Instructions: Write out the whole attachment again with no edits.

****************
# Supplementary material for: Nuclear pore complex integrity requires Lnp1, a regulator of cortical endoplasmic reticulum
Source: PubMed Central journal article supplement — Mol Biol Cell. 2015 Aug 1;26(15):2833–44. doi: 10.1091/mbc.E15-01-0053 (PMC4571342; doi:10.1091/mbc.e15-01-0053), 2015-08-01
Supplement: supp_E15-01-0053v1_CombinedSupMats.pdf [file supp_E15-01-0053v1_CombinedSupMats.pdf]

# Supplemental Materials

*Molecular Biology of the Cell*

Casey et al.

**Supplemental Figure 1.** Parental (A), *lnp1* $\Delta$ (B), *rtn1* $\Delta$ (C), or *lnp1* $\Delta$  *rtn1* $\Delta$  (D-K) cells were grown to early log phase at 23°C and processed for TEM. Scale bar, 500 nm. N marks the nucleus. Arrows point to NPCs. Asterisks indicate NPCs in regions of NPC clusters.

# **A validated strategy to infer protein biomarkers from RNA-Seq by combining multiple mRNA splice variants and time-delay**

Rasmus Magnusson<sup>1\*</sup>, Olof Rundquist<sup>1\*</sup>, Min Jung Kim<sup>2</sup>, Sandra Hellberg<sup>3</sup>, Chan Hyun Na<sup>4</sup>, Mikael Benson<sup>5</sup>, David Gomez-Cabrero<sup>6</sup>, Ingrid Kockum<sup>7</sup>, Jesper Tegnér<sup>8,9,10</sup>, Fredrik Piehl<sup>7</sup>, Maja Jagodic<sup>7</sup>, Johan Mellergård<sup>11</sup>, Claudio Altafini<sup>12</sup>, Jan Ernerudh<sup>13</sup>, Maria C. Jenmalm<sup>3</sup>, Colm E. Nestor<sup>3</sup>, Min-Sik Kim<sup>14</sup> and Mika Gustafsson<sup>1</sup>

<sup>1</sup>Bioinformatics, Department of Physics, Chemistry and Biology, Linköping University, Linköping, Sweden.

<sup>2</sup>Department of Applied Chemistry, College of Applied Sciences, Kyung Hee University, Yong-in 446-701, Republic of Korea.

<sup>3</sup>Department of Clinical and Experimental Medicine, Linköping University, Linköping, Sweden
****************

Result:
# Supplementary material for: Nuclear pore complex integrity requires Lnp1, a regulator of cortical endoplasmic reticulum
Source: PubMed Central journal article supplement — Mol Biol Cell. 2015 Aug 1;26(15):2833–44. doi: 10.1091/mbc.E15-01-0053 (PMC4571342; doi:10.1091/mbc.e15-01-0053), 2015-08-01
Supplement: supp_E15-01-0053v1_CombinedSupMats.pdf [file supp_E15-01-0053v1_CombinedSupMats.pdf]

# Supplemental Materials

*Molecular Biology of the Cell*

Casey et al.

**Supplemental Figure 1.** Parental (A), *lnp1* $\Delta$ (B), *rtn1* $\Delta$ (C), or *lnp1* $\Delta$  *rtn1* $\Delta$  (D-K) cells were grown to early log phase at 23°C and processed for TEM. Scale bar, 500 nm. N marks the nucleus. Arrows point to NPCs. Asterisks indicate NPCs in regions of NPC clusters.

# **A validated strategy to infer protein biomarkers from RNA-Seq by combining multiple mRNA splice variants and time-delay**

Rasmus Magnusson<sup>1\*</sup>, Olof Rundquist<sup>1\*</sup>, Min Jung Kim<sup>2</sup>, Sandra Hellberg<sup>3</sup>, Chan Hyun Na<sup>4</sup>, Mikael Benson<sup>5</sup>, David Gomez-Cabrero<sup>6</sup>, Ingrid Kockum<sup>7</sup>, Jesper Tegnér<sup>8,9,10</sup>, Fredrik Piehl<sup>7</sup>, Maja Jagodic<sup>7</sup>, Johan Mellergård<sup>11</sup>, Claudio Altafini<sup>12</sup>, Jan Ernerudh<sup>13</sup>, Maria C. Jenmalm<sup>3</sup>, Colm E. Nestor<sup>3</sup>, Min-Sik Kim<sup>14</sup> and Mika Gustafsson<sup>1</sup>

<sup>1</sup>Bioinformatics, Department of Physics, Chemistry and Biology, Linköping University, Linköping, Sweden.

<sup>2</sup>Department of Applied Chemistry, College of Applied Sciences, Kyung Hee University, Yong-in 446-701, Republic of Korea.

<sup>3</sup>Department of Clinical and Experimental Medicine, Linköping University, Linköping, Sweden